One of the underlying principles of Agile is that coding starts on Day zero. That’s because programmers know that code is the one thing that can’t be argued with, and it forces everyone to pay attention. Assuring that the code actually operates at the end of a short timebox assures that it will be available for inspection. This is how Agile brings management visibility into the process.
That visibility extends beyond management, to everyone. But this very visibility exposes Agile’s weakness: understanding and interpreting the input of users, managers, and other stakeholders.
In my discussions with Agile programmers, in addition to the complaints about apparent incompetence, some very clear patterns emerge. Programmers want to spend less time arguing and more time crafting better software. Programmers want to stop mindlessly following stacks of BDUF towards bad software and unhappy customers. Programmers want more job satisfaction.
The pattern that emerges the clearest is the desire to create better products. Agile programmers have learned that when the users of their programs have a good experience, the programmers feel good, too. Agile programmers crave the sensation of pleasing users with products that satisfy. And that is exactly what interaction designers want the most, too.
Interaction designers also feel surrounded by incompetence. They also want to spend less time arguing and more time designing. They also want more job satisfaction. Above all, interaction designers also want to make users happy with products that satisfy.
What I don’t understand is, why aren’t interaction designers an Agile programmer’s best friend? Why don’t Agile programmers seek out the assistance of interaction designers?
Interaction designers love to do the tasks that programmers don’t like, like observing and interviewing users, and negotiating with managers. Interaction designers can make sense of human behavior in the same way that a programmer can make sense of a computer’s behavior.
Not only do interaction designers enjoy studying users and other stakeholders, but interaction designers know how to interpret what they observe. Their key contribution is translating research into actionable sketches and narratives that programmers can use. Their work frees programmers from communications failures, management misunderstandings, and wasted work. Those sketches and narratives are like user stories except that they are more accurate, more precise, more detailed, more correct, more complete, more readable, and more understandable by managers as well as by programmers.
Because the interaction designer addresses the business rationale for the project as well as the user rationale, it can bridge the communications and understanding gap between programmers and business people.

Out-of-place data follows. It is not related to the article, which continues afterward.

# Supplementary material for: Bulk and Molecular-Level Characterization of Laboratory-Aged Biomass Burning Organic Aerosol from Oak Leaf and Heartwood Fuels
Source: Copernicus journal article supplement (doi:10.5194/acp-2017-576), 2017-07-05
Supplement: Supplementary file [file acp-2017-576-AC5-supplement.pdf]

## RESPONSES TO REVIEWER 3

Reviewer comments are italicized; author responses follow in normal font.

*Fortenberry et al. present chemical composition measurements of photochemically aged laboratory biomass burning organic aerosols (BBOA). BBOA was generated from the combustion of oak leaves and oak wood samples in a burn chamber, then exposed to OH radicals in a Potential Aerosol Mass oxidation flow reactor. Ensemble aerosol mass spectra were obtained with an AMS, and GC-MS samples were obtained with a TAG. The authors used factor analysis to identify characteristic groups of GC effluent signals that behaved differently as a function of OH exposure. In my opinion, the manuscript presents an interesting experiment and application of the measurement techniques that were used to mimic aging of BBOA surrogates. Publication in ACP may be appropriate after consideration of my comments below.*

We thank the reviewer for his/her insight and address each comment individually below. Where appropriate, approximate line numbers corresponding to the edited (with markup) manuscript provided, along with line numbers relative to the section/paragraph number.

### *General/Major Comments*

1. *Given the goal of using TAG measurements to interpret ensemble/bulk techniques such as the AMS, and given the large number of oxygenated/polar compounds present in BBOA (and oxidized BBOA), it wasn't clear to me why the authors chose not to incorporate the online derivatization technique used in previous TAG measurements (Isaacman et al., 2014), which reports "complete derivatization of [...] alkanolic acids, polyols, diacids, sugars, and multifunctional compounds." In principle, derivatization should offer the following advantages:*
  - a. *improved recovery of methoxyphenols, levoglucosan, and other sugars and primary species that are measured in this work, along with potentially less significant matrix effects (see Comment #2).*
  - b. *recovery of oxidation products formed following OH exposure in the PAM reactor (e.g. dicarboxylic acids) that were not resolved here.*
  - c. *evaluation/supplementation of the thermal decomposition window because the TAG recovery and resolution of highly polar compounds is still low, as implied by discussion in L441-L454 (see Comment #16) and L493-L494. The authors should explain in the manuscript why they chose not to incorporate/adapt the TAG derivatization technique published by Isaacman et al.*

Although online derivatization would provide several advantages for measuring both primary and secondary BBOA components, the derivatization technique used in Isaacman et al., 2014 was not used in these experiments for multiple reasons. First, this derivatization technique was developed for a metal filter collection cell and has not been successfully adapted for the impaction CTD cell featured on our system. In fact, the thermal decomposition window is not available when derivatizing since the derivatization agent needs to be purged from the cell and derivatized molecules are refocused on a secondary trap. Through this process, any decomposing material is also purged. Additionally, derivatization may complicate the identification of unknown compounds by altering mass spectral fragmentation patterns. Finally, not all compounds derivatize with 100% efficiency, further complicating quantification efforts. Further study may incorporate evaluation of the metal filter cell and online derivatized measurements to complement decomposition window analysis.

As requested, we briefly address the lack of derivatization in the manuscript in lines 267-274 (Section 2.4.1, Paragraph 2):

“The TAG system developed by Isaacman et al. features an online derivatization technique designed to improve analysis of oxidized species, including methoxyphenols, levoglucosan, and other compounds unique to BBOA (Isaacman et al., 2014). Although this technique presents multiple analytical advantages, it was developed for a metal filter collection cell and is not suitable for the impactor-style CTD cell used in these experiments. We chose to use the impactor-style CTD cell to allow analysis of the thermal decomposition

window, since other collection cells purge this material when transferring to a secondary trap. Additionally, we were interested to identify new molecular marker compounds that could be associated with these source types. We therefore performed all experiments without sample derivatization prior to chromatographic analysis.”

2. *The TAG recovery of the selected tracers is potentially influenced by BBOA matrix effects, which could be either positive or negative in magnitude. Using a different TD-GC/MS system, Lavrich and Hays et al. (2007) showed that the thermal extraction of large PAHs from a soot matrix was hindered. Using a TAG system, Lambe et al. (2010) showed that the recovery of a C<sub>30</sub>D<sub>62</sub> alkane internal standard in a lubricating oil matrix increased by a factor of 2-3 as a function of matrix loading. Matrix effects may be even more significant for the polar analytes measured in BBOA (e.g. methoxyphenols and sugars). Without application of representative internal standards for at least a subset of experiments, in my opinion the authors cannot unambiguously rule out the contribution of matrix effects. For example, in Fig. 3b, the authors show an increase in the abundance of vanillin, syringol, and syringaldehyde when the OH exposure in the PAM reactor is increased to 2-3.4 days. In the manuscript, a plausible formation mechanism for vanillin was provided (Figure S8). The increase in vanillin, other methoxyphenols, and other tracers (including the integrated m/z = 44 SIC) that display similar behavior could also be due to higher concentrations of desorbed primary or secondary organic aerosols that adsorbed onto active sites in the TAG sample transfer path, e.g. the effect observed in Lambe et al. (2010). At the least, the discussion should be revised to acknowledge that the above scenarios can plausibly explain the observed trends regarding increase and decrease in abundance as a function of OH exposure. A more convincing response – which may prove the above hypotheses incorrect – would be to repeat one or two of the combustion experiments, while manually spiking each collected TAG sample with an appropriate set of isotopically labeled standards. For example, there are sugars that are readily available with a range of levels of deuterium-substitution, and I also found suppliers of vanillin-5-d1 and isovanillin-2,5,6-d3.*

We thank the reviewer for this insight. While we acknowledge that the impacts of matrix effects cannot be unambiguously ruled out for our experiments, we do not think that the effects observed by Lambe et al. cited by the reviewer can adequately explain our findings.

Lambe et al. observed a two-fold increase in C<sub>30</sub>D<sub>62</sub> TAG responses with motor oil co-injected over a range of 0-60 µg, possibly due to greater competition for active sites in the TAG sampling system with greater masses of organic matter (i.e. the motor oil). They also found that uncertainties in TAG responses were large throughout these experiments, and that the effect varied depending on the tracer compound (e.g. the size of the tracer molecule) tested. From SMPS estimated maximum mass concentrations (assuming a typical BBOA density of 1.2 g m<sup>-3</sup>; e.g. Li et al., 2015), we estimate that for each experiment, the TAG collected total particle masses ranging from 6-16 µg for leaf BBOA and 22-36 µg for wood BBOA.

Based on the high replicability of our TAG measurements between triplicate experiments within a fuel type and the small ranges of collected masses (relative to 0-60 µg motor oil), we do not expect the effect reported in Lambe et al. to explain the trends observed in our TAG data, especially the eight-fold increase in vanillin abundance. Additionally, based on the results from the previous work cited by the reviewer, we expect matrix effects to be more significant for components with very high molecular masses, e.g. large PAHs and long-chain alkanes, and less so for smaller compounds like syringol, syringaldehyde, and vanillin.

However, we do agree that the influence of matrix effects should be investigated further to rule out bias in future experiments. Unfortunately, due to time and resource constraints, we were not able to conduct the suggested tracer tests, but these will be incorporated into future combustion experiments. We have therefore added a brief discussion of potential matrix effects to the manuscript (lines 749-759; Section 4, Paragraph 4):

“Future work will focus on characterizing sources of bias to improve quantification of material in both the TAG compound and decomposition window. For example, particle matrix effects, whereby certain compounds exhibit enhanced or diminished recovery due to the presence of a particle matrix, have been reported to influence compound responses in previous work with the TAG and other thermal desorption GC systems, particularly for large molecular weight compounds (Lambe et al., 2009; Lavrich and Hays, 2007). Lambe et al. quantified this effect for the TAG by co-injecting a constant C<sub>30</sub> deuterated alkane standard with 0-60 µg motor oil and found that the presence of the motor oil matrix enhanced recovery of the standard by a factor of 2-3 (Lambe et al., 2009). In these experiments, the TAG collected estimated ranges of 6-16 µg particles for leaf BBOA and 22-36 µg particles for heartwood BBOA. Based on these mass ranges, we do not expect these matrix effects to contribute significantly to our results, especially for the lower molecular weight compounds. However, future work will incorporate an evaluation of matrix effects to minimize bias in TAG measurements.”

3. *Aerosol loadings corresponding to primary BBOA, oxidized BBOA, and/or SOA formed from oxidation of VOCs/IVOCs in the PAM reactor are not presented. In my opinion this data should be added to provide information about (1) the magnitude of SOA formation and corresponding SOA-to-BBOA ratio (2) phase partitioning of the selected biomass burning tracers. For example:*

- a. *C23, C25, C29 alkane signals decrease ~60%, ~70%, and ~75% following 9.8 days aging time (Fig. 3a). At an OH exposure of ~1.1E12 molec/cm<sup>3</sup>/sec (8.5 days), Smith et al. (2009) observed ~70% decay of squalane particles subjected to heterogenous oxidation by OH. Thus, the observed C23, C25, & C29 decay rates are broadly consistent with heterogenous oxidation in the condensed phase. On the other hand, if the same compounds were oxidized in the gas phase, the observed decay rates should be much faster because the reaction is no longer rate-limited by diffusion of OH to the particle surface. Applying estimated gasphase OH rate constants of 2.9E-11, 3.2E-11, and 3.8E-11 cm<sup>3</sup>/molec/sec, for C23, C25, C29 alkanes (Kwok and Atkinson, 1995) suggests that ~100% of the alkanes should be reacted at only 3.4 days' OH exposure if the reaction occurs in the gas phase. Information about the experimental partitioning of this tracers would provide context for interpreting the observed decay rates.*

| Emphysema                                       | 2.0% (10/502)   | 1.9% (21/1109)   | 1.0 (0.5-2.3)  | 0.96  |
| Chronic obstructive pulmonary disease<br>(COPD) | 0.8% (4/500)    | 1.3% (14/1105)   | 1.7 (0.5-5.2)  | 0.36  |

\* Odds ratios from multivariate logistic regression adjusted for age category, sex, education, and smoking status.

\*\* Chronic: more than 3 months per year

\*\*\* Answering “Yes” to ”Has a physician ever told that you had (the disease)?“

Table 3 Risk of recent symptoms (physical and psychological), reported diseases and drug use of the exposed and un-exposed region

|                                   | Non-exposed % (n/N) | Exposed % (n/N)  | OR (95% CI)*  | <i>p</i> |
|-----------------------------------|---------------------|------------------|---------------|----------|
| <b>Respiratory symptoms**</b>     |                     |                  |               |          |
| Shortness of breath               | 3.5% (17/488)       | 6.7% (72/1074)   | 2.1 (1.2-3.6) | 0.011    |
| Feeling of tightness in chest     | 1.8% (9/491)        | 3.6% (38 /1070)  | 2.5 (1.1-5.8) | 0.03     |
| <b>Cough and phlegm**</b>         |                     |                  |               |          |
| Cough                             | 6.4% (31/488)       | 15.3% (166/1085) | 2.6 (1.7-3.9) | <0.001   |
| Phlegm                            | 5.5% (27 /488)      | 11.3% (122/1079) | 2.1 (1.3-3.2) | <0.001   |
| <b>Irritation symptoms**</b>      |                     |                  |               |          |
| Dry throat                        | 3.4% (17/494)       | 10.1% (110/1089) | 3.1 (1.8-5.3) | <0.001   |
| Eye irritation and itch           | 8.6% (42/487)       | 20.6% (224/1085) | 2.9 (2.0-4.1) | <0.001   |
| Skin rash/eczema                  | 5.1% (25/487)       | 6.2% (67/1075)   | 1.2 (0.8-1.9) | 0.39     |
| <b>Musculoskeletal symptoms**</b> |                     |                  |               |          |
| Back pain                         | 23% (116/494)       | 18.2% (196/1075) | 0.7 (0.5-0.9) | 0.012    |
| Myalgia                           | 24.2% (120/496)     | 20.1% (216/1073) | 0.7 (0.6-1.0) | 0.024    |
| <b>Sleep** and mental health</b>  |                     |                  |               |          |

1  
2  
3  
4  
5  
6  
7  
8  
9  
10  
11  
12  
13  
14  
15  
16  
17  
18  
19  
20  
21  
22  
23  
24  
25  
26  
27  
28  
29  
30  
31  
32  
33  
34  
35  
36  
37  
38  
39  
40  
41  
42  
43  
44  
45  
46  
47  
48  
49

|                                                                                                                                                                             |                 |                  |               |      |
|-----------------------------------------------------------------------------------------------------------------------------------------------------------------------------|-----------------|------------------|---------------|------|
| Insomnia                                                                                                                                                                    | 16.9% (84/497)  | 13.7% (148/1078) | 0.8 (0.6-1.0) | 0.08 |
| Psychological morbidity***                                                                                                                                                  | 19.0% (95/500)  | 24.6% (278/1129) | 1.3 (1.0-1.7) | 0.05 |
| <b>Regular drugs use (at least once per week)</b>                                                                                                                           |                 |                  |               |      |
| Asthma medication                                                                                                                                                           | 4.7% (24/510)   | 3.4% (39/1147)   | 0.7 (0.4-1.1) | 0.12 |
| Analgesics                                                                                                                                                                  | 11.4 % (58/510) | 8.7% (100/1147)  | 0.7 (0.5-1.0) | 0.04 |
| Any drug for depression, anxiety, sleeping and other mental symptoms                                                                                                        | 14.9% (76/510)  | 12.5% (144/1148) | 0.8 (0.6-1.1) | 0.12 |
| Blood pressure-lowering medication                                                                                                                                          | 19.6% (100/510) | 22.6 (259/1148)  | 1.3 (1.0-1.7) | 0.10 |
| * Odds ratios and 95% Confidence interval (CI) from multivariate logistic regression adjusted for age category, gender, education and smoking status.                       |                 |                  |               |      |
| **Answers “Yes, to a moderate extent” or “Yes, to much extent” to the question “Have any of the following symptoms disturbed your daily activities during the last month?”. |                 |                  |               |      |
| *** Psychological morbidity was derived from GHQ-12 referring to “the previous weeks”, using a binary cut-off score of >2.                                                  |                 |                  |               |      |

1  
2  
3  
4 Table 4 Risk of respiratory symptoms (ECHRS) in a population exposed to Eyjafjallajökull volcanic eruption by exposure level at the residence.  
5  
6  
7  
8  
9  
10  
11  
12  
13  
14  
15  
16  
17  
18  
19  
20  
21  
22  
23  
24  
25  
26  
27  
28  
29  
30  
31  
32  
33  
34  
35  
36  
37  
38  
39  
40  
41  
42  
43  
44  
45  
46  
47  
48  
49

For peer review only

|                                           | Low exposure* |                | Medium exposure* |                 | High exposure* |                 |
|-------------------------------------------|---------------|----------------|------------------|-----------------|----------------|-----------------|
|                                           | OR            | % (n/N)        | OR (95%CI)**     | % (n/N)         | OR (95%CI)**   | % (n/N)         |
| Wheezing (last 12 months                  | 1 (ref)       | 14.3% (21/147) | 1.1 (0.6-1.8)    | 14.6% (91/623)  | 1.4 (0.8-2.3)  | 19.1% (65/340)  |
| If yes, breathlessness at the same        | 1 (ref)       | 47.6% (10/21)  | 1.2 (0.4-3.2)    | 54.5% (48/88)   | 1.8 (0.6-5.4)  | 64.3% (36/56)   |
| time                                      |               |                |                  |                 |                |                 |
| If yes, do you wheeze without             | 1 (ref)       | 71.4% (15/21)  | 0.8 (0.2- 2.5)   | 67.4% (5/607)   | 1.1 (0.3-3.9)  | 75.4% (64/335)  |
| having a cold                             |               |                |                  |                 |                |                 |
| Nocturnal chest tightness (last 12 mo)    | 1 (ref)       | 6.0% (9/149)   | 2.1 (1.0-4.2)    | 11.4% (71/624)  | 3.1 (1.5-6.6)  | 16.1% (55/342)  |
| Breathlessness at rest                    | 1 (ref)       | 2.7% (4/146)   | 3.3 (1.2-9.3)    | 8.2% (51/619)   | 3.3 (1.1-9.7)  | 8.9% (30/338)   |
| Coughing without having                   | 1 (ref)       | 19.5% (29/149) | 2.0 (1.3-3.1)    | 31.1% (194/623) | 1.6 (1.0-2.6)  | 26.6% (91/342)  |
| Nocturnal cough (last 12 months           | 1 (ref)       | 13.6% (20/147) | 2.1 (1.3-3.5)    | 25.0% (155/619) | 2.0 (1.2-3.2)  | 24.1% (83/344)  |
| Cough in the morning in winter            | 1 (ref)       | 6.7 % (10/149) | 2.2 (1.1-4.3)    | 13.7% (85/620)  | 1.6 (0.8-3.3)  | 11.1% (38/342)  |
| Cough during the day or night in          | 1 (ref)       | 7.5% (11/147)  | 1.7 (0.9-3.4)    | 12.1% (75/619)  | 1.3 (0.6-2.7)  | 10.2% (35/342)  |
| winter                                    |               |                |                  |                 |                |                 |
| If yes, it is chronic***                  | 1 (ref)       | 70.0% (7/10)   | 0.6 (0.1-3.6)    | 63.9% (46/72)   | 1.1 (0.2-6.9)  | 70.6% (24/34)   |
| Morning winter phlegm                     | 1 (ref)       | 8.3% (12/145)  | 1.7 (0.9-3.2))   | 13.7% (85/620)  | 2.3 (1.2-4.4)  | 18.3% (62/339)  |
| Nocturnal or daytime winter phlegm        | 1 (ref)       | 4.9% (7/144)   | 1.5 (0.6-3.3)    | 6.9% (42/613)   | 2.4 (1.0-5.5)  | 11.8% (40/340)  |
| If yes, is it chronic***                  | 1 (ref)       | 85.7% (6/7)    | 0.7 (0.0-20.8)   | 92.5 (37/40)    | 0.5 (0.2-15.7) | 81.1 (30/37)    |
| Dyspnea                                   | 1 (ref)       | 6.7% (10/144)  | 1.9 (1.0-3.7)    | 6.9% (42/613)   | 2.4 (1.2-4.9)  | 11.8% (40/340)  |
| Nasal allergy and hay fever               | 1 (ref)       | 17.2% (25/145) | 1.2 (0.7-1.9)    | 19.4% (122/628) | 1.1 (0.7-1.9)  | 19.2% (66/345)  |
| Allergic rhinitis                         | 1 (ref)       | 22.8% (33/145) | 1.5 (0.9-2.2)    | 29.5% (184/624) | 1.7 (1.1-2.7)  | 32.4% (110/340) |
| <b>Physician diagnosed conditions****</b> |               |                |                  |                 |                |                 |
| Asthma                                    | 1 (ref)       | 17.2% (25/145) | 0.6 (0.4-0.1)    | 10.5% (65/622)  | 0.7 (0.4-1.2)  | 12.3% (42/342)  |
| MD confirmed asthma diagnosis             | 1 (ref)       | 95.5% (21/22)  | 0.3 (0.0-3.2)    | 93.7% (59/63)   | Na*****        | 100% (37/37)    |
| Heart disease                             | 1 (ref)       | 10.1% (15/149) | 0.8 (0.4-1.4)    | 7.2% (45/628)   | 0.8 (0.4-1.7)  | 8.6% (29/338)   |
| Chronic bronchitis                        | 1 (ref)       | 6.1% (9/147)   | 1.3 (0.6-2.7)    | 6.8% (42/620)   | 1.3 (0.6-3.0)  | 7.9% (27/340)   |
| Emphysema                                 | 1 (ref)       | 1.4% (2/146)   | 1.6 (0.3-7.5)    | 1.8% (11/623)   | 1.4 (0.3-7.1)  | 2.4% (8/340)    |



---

Agile brings outsiders into the software construction process. Interaction design makes the contributions of those outsiders effective and useful. In an enterprise Agile shop, the interaction designers can bring some sense to the requirements definition process. In a small team Agile shop, the interaction designers can bring some clarity and focus to the behavioral definition process. In both size shops, the interaction designers can give management more confidence in the outcome, which will reduce the time pressure managers put on programmers.
Just like the craft of programming, interaction design demands the correct aptitude, training, and experience to be good at the job. It typically takes as long to train a journeyman interaction designer as it takes to train a journeyman programmer. Interaction designers work just as hard as programmers do, and they take responsibility for the quality of their designs, just as programmers do. Above all, interaction designers can create compelling and useful descriptions of software form and behavior that will ease the programmers’ job. Creating user stories is arguably the Agile programmers weakest skill. It is the interaction designers’ strongest one.
The Agile movement is based on lots of knowledge, experience, and wisdom learned over the years by professional programmers. Wedged in among all of that wisdom, however, is one big, commonly-held, erroneous assumption. Programmers, and most other people too, assume that asking people what they want results in useful answers. But human beings are not capable of giving answers that can be used without significant transformative effort. Let me show you why this is true.
Users don’t provide information that is directly useful to technologists. It isn’t because people are stupid or obstinate. It is just that they — we — are victims of cognitive illusions. There is a large and growing body of scientific evidence corroborating what programmers know empirically: humans don’t know what they want, what they need, or even what they do. And they are utterly blind to the real reasons why they do what they do.
Important recent work in evolutionary, behavioral, and cognitive psychology in conjunction with neuroscience has shed much light on the problem. Scientists such as Stephen Pinker at MIT; Clifford Nass and Byron Reeves at Stanford; Marc Gerstein at Columbia Business School, Pfeffer & Sutton at Stanford; Mlodinow at UCBerkeley; Abrahamson at Columbia; Linden at Johns Hopkins; Claxton at Oxford; Schwartz at Swarthmore, and the brilliant baboonologist Robert Sapolsky have all studied and written extensively on the various phenomena of apparently irrational human behavior. All humans, programmers, managers, and interaction designers included, are subject to a broad range of perceptual and value distortions.